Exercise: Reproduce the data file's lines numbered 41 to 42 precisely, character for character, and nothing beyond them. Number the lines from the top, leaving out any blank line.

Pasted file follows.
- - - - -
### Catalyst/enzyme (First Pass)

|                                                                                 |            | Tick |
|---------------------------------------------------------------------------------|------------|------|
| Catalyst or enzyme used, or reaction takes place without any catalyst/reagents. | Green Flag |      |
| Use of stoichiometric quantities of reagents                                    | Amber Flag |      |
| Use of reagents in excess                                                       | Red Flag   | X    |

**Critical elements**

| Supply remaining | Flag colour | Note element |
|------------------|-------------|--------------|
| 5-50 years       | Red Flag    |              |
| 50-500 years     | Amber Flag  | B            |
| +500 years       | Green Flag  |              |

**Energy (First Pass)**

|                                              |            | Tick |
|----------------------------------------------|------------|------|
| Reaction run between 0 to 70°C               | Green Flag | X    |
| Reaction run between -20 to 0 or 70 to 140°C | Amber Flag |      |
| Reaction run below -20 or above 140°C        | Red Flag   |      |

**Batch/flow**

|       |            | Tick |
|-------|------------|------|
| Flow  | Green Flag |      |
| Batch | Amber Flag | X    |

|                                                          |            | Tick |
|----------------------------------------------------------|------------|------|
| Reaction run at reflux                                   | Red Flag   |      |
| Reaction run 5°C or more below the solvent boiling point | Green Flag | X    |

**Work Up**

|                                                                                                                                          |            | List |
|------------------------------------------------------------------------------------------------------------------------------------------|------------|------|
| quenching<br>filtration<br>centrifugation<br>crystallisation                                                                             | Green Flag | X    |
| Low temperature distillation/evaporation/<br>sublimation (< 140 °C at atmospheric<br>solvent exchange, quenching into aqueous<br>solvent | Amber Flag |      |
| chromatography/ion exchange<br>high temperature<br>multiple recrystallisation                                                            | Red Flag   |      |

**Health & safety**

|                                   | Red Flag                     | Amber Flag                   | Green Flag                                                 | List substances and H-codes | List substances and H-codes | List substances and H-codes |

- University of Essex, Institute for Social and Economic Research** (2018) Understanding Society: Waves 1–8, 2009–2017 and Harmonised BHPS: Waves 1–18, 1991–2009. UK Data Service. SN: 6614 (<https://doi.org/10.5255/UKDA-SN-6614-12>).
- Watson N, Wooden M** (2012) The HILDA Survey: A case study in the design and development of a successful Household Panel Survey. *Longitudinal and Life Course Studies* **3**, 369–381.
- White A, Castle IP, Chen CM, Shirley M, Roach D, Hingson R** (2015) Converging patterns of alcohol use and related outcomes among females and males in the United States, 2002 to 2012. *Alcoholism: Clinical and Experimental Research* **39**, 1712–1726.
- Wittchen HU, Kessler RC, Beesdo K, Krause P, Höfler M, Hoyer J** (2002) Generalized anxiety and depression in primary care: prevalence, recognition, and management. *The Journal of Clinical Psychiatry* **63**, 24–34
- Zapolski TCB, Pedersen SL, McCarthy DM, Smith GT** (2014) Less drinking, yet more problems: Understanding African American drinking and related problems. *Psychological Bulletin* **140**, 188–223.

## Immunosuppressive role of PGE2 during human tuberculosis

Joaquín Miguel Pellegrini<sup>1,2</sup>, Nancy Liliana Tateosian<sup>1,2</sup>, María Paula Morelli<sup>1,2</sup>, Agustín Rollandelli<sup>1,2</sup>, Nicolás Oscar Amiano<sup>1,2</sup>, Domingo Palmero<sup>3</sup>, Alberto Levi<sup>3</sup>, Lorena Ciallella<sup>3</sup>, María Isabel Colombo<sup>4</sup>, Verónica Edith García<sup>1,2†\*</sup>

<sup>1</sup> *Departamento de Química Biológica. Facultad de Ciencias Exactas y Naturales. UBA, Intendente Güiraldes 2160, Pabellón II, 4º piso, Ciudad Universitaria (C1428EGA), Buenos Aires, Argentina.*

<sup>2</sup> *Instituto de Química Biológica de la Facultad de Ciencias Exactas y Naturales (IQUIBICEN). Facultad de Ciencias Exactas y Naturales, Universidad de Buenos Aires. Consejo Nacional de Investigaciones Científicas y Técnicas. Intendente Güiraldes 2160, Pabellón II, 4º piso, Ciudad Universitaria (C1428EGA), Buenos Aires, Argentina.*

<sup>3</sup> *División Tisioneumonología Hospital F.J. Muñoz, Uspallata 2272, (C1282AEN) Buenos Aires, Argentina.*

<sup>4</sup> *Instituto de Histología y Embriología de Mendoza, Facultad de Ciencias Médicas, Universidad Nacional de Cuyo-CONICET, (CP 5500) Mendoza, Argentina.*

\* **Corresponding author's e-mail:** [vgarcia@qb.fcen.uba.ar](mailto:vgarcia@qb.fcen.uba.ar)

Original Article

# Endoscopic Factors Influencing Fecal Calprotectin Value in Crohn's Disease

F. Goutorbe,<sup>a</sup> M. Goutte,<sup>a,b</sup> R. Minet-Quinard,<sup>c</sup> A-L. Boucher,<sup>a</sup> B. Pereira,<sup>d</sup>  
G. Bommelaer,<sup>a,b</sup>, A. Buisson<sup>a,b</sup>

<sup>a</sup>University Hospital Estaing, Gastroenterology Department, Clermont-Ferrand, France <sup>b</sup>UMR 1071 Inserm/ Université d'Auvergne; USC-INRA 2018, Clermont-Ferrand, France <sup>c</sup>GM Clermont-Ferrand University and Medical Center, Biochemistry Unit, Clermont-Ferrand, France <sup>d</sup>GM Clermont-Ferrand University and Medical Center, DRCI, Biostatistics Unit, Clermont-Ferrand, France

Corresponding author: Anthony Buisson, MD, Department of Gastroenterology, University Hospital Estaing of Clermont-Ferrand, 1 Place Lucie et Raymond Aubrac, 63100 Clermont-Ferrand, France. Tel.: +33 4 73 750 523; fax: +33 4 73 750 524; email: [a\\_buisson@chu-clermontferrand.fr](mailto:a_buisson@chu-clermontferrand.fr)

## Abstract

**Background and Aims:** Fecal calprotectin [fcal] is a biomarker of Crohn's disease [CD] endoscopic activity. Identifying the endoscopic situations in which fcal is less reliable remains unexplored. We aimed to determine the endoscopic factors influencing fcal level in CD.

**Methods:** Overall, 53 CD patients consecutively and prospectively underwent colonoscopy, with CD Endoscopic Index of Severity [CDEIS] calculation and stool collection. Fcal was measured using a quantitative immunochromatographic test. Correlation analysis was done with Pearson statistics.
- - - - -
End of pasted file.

## Immunosuppressive role of PGE2 during human tuberculosis

Joaquín Miguel Pellegrini<sup>1,2</sup>, Nancy Liliana Tateosian<sup>1,2</sup>, María Paula Morelli<sup>1,2</sup>, Agustín Rollandelli<sup>1,2</sup>, Nicolás Oscar Amiano<sup>1,2</sup>, Domingo Palmero<sup>3</sup>, Alberto Levi<sup>3</sup>, Lorena Ciallella<sup>3</sup>, María Isabel Colombo<sup>4</sup>, Verónica Edith García<sup>1,2†\*</sup>